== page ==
On 4 August 1914 England declared war on Germany. Financial markets on the continent were already severely disrupted by the Austrian ultimatum to Serbia of 24 July. Now the City of London was threatened by the short-term funding and foreign exchange markets effectively dissolving.

The acceptance houses became virtually insolvent as foreign debtors were unable to remit funds to London; the brokers who had discounted their bills followed suit. The ultimate debtholders, the joint stock banks, additionally faced losses on their margin loans to the stock exchange; forced liquidations by their clients set in motion a vicious circle of fire sales. → Read More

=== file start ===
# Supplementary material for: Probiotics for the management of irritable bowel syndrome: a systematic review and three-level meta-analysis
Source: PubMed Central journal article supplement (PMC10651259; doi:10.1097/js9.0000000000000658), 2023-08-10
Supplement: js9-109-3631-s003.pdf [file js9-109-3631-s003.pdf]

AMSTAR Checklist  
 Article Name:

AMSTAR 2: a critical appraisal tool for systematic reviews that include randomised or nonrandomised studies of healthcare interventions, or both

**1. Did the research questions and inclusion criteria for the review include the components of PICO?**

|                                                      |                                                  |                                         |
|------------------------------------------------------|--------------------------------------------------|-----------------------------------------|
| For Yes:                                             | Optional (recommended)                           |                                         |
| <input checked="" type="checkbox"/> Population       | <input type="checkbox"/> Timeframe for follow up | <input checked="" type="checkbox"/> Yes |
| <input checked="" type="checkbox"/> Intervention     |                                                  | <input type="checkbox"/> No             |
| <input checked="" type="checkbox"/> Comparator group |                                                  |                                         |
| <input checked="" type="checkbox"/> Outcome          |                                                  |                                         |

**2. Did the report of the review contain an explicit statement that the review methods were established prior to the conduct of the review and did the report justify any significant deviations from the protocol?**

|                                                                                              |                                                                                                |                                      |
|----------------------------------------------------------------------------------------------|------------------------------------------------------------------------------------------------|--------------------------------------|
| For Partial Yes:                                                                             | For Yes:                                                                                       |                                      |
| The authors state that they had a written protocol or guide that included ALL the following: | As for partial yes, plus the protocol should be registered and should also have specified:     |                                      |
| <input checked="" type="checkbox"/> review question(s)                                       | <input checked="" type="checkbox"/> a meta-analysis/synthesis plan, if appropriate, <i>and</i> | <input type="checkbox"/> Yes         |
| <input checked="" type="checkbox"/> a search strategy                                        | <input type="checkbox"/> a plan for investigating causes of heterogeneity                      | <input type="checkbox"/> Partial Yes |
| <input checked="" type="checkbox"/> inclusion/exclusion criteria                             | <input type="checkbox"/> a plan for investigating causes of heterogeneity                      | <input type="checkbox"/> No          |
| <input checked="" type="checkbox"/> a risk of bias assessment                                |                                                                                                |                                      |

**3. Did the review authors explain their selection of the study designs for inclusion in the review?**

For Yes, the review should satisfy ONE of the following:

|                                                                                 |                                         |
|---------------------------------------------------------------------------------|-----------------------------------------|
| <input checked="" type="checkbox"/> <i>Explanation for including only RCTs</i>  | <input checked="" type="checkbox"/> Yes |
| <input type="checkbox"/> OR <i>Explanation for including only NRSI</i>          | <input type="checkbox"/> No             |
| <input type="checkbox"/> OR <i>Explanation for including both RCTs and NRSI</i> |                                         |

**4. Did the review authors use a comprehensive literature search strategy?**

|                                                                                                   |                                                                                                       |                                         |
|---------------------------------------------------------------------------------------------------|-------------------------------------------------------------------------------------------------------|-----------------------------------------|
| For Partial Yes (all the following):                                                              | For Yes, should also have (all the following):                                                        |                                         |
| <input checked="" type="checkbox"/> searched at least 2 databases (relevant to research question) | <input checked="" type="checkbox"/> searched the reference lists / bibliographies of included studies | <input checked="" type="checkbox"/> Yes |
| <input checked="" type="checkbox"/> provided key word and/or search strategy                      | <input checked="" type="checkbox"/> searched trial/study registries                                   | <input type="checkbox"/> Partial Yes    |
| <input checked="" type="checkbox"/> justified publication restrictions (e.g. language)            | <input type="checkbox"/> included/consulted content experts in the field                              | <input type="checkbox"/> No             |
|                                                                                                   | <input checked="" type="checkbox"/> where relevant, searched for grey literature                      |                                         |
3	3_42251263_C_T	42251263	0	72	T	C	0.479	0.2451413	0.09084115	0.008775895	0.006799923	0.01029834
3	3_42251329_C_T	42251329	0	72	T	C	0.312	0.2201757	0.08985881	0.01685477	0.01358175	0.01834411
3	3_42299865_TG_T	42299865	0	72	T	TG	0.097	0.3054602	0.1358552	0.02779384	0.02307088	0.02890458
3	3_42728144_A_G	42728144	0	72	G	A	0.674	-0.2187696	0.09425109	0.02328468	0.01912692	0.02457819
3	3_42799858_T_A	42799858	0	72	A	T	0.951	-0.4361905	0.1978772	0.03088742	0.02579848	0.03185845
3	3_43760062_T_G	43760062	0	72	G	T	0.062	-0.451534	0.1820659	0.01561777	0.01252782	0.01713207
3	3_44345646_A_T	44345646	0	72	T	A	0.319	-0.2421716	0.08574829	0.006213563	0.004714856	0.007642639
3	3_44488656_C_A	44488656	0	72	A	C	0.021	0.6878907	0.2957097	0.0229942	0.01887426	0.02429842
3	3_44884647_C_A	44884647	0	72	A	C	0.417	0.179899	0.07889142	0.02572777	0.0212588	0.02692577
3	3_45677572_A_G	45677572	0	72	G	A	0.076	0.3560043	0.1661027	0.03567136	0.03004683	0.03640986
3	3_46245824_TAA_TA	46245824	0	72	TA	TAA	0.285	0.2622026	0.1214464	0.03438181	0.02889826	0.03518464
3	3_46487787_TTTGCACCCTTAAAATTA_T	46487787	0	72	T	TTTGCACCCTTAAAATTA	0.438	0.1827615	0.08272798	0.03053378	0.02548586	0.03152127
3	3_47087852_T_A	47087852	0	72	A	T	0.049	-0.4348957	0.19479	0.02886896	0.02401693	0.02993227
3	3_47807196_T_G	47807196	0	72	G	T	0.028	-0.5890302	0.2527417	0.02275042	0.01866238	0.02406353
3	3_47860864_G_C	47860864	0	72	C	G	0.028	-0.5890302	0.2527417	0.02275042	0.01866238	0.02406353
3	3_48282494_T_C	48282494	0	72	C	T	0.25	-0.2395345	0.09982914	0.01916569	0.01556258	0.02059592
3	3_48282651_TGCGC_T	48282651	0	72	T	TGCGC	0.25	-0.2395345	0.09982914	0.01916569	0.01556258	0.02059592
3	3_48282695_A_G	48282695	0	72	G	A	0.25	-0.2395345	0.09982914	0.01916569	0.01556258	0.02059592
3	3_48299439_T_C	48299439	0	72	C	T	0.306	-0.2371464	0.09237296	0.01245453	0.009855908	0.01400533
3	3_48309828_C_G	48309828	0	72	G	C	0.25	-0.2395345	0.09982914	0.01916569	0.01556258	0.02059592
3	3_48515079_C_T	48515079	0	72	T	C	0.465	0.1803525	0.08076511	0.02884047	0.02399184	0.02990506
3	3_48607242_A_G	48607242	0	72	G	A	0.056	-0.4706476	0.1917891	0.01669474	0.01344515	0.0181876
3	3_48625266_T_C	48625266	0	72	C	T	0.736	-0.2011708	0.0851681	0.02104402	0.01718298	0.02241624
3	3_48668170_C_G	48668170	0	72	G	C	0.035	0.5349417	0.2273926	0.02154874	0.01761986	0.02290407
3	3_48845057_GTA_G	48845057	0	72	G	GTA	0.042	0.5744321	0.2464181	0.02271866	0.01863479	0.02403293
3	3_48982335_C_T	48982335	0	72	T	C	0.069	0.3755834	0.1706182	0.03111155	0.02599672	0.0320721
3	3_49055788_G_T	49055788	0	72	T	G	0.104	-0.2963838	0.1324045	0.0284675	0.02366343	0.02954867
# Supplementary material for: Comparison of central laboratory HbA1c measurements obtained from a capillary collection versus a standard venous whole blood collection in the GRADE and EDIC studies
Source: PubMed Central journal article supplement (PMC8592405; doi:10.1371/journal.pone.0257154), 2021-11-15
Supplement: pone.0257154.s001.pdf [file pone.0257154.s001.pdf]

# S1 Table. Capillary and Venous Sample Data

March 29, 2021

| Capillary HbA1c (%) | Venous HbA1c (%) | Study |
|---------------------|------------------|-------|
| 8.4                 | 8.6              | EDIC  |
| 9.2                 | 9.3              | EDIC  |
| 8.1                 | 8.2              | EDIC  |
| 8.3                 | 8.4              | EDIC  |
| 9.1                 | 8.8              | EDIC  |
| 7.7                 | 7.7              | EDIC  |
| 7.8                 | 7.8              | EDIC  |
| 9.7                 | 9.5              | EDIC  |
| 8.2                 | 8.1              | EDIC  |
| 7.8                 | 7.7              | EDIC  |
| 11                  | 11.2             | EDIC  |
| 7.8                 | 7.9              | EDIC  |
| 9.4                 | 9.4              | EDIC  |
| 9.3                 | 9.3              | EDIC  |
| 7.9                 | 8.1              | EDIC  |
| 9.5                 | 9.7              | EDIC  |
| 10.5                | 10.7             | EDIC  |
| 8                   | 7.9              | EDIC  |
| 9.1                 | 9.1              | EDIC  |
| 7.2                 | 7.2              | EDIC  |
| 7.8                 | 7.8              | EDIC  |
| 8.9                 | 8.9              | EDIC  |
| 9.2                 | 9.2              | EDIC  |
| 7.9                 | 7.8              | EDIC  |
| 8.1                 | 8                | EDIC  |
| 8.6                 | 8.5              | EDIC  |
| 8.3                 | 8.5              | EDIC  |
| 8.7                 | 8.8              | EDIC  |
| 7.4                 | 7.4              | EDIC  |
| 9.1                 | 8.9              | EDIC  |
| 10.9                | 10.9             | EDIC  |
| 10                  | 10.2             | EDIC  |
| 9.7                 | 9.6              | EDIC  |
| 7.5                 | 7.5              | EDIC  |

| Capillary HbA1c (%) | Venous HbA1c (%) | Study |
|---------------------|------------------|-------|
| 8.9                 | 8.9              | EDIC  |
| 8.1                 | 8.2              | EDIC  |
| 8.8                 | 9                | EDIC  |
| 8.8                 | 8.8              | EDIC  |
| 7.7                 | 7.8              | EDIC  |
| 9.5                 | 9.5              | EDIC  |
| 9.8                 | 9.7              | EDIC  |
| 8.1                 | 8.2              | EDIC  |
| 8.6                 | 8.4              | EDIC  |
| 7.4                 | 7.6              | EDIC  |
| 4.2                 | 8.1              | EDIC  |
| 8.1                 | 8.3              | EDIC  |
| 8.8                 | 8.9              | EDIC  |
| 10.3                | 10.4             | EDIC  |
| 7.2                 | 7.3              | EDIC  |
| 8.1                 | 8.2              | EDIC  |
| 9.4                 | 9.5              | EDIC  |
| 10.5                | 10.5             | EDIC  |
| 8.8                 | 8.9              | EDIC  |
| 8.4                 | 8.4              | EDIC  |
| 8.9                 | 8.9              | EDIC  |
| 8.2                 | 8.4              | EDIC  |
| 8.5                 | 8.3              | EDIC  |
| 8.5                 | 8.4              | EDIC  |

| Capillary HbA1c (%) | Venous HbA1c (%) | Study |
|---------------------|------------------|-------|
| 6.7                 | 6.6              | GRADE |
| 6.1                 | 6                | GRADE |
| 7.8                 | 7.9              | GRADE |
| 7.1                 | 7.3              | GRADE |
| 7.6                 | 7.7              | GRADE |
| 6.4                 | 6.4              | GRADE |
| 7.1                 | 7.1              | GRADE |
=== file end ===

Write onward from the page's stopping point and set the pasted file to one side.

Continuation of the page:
The business of the modern politician

It is the method of modern statesmen to talk as much folly as the public demand and to practise no more of it than is compatible with what they have said, trusting that such folly in action as must wait on folly in word will soon disclose itself as such, and furnish an opportunity for slipping back into wisdom, — the Montessori system for the child, the Public. → Read More

Chapter 12

John Maynard Keynes’ The general theory of employment, interest and money (1936) is a controversial monument. But one chapter has become justly famous among friend and foe alike. Chapter 12, The state of long-term expectation, touches upon the heart and soul of  when to invest, what return to expect, why financial markets fluctuate and where the government’s role lies. → Read More

The way out of the crisis. Three questions to Guy Verhofstadt